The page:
• Autos with a couple of sell-side conferences kicking off today; see our big preview of the plethora of industry events coinciding and the tick-by-tick agenda at the bottom of this column for presentation times for some of the bigger companies in attendance
  • Semicap equipment stocks, like Applied Materials and Lam Research, after Deutsche Bank slashed wafer fab equipment spend estimates, as mentioned above
  • Lithium names with Nomura Instinet downgrading Albemarle and Livent Corp. on expectation that price data points will "surprise negatively in coming months"
  • Pot stocks given the Tilray lockup (they announced a marketing pact with Authentic Brands in conjunction) and a continued rip in Canopy Growth (up 58% year-to-date)

Notes From the Sell Side

Morgan Stanley has a wide-ranging 2019 outlook note on the Attractive-rated software sector. Top picks are Microsoft (new price target matched Street high $140), Palo Alto Networks, and Salesforce. The analysts upgrade Akamai, New Relic, DocuSign, Tenable, Five9 to overweight, downgrade VMware, Oracle, Autodesk, Nuance to equal-weight and cut Atlassian, Zscaler, and Yext to underweight.

Baird has two calls worth mentioning this morning: 1) Reiterating outperform on Tesla and expecting Model 3 demand to remain robust after hosting tours of the company’s West Coast factories; 2) Cutting estimates on Carvana as data points suggest the firm isn’t immune to the holiday spend slowdown; note this comes after shares fell 3.5% yesterday on a brutal initiation from Morgan Stanley.

Deutsche Bank is out with a new catalyst call, recommending clients sell shares of U.S. Steel ahead of 4Q results on the expectation that 2019 Ebitda guidance will disappoint: "Despite the 10% revision the past month, we believe, the current consensus of ~$1.6bn is still high (DBe $1.2bn), with spot US HRC/CRC pricing ~$110/st below the 2018 average (2018E EBITDA guide $1.8bn)."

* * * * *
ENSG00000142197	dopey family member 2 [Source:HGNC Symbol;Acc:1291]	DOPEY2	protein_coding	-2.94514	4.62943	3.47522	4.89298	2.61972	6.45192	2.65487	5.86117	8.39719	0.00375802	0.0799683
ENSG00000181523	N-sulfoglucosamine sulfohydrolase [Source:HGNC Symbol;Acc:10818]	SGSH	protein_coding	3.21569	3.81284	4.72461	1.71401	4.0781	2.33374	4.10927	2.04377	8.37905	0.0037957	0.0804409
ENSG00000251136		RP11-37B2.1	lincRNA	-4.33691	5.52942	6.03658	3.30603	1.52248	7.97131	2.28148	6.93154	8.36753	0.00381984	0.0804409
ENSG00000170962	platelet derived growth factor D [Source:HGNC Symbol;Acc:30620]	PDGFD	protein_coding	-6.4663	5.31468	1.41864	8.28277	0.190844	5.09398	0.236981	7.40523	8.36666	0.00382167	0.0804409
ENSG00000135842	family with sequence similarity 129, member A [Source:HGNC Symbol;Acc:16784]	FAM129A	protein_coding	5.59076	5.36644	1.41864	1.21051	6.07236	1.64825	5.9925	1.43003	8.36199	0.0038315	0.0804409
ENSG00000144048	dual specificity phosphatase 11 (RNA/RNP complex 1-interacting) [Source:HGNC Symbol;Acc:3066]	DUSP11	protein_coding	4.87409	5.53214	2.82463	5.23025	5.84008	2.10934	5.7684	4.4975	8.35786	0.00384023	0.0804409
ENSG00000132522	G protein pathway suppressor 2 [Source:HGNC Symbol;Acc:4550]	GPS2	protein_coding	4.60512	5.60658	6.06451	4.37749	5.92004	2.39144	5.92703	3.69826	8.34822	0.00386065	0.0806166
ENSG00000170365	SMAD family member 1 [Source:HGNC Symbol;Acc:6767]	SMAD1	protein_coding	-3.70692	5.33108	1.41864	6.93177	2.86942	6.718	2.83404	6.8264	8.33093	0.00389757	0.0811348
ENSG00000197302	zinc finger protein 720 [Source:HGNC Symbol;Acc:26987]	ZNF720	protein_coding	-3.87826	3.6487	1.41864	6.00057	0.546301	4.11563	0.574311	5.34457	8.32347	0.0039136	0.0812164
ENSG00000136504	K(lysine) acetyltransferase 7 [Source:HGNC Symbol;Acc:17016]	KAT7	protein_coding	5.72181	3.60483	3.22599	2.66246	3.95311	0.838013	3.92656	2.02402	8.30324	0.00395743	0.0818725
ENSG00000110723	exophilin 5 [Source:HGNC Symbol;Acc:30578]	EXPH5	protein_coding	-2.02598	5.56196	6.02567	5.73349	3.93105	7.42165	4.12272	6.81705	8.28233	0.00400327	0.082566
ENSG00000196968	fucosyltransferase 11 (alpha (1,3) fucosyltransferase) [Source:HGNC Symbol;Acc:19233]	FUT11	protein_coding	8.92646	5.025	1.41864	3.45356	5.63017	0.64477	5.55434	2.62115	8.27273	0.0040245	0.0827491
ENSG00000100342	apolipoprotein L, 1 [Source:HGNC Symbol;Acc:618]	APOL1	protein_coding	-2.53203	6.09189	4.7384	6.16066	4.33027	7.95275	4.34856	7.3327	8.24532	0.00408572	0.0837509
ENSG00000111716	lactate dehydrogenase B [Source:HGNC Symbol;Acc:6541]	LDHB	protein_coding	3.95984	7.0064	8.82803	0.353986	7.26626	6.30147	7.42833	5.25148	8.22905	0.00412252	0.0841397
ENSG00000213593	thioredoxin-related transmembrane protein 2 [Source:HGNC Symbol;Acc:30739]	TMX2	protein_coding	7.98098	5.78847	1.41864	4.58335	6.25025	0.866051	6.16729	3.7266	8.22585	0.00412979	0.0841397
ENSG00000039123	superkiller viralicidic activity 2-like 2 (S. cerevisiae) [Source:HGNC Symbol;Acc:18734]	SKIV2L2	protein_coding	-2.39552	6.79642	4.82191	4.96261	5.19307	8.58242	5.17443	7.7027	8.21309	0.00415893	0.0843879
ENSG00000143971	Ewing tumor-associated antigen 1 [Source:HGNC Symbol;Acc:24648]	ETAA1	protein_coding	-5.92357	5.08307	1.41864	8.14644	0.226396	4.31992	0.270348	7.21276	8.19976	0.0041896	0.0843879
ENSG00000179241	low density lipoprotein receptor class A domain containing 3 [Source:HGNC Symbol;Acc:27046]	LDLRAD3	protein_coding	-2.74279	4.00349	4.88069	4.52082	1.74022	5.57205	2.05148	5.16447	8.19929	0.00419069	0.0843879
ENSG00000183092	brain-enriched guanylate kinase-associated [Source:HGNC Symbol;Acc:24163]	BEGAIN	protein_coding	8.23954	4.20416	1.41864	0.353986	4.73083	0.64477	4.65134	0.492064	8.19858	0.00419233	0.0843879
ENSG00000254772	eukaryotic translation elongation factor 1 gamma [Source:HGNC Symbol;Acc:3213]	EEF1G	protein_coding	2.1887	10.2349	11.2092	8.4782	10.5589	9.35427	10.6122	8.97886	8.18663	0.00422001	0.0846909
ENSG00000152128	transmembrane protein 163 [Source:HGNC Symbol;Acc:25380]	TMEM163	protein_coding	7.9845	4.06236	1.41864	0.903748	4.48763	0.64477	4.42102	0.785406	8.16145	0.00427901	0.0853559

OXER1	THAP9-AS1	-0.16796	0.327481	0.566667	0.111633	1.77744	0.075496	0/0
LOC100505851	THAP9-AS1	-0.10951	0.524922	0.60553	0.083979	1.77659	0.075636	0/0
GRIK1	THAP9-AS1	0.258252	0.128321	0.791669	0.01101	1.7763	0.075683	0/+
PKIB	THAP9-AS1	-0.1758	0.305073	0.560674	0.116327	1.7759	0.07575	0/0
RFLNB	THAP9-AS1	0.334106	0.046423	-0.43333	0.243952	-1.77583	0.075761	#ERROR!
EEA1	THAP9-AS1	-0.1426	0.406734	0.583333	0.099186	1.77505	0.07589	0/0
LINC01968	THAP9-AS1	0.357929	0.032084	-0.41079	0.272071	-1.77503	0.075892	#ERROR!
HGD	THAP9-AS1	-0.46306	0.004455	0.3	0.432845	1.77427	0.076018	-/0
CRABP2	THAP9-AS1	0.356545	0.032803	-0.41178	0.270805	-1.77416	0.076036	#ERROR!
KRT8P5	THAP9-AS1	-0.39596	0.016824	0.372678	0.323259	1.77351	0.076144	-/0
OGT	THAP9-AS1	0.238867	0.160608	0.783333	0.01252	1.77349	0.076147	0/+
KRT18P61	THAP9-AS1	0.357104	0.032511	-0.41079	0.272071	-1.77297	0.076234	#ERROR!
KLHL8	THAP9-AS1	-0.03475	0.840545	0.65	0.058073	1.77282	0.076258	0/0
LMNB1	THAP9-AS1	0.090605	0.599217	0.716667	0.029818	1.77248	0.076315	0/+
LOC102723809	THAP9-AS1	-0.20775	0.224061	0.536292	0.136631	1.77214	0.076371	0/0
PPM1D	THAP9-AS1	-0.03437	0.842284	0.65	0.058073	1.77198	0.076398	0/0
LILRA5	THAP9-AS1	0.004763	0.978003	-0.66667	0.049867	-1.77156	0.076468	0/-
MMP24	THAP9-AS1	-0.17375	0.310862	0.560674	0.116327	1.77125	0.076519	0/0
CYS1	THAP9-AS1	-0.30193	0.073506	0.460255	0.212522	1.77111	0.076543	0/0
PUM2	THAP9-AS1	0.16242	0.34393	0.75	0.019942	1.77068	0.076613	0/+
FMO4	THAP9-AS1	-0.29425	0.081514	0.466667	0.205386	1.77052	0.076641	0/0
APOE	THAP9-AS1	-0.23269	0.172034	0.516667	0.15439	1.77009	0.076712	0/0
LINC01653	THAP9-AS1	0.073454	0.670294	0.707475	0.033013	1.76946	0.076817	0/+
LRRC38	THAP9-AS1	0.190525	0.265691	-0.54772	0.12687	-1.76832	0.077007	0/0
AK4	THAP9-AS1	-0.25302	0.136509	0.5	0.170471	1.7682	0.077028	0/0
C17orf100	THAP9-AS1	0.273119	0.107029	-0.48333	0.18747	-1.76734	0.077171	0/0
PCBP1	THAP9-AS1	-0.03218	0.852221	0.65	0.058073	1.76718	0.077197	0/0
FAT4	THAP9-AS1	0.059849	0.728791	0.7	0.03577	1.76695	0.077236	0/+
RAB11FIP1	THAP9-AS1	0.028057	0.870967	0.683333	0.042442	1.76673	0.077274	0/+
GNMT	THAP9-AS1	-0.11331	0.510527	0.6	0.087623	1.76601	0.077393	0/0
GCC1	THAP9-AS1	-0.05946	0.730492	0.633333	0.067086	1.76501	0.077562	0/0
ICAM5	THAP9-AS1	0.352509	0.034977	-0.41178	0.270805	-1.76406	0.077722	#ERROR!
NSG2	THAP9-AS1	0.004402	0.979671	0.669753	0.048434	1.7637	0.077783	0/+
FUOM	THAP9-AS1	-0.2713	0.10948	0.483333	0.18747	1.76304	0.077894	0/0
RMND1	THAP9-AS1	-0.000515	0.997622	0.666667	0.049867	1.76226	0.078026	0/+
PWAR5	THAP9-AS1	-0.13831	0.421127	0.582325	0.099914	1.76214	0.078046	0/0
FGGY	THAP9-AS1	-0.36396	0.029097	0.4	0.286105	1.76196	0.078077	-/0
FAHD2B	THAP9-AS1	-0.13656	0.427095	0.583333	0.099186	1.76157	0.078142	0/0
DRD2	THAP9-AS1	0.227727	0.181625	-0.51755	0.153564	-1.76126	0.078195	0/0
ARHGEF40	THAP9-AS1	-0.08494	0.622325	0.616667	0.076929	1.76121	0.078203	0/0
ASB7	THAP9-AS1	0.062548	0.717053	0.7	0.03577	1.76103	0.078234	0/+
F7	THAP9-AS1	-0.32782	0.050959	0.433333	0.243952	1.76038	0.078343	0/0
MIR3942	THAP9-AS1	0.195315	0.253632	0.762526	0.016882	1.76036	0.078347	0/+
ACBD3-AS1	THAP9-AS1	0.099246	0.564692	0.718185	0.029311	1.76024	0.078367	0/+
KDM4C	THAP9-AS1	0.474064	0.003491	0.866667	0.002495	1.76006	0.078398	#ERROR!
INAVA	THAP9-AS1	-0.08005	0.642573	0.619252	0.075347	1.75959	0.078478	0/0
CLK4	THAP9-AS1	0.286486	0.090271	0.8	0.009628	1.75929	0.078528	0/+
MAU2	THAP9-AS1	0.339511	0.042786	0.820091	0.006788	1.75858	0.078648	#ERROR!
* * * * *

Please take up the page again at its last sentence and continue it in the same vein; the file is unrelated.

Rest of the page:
Tick-by-Tick Guide to Today’s Actionable Events

  • Today -- FDA briefing documents for LXRX/Sanofi’s sotagliflozin
  • Today -- IPO lockup expiry: TLRY, ALLK, MYFW, CNST, ESTA
  • 8:00am -- WFC, FRC earnings
  • 8:30am -- Empire Manufacturing, PPI
  • 8:30am -- JPM, SNV earnings call
  • 8:30am -- URBN at ICR conference
  • 8:30am -- Top Live for Ford, Volkswagen CEOs updating on alliance talks
  • 8:30am -- GPRE CEO Todd Becker on Bloomberg TV
  • 8:45am -- UNH earnings call
  • 9:00am -- M at NRF retail conference
  • 9:30am -- BJ, SHAK at ICR conference
  • 10:00am -- ECB’s Draghi presents annual report
  • 10:00am -- WFC, FRC, DAL earnings call
  • 10:00am -- CMG, AEO at ICR conference
  • 10:30am -- PLNT at ICR conference
  • 10:30am -- WTW at NRF retail conference
  • 10:40am -- WWE at Needham growth conference
  • 11:00am -- Top Live with GM CEO and CFO at Detroit Auto Show
  • 11:00am -- GM at Wolfe Research global auto conference
  • 11:05am -- TM keynote at Deutsche Bank auto conference
  • 11:30am -- Fed’s Kashkari on regional economy at Minnesota event
  • 11:30am -- FTCH, DENN at ICR conference
  • 11:50am -- LEA at Wolfe Research global auto conference
  • 11:50am -- VC at Deutsche Bank auto conference
  • 12:30pm -- Green Growth Brands at ICR conference
  • 12:35pm -- GT at Deutsche Bank auto conference
  • 1:00pm -- Fed’s Kaplan and Fed’s George speak at separate events
  • 1:00pm -- DPZ, OLLI at ICR conference
  • 1:20pm -- TEN, CTB at Deutsche Bank auto conference
  • 1:30pm -- TLRY at ICR conference
  • 2:00pm -- Top Live for U.K. Parliament voting on Brexit deal
  • 2:00pm -- CROX at ICR conference
  • 2:10pm -- DAN, ABG at Wolfe Research global auto conference
  • 2:50pm -- NIO, VNE at Deutsche Bank auto conference
  • 2:55pm -- AXL, LAD at Wolfe Research global auto conference
  • 3:30pm -- MDB at Needham growth conference
  • 3:40pm -- MGA, VC at Wolfe Research global auto conference
  • 4:00pm -- CRON, TUP at ICR conference
  • 4:00pm -- WFC CFO John Shrewsberry on Bloomberg TV
  • 4:15pm -- UAL earnings
  • 4:25pm -- F at Wolfe Research global auto conference
  • 4:30pm -- API oil inventories
  • 8:30pm -- China New Home Prices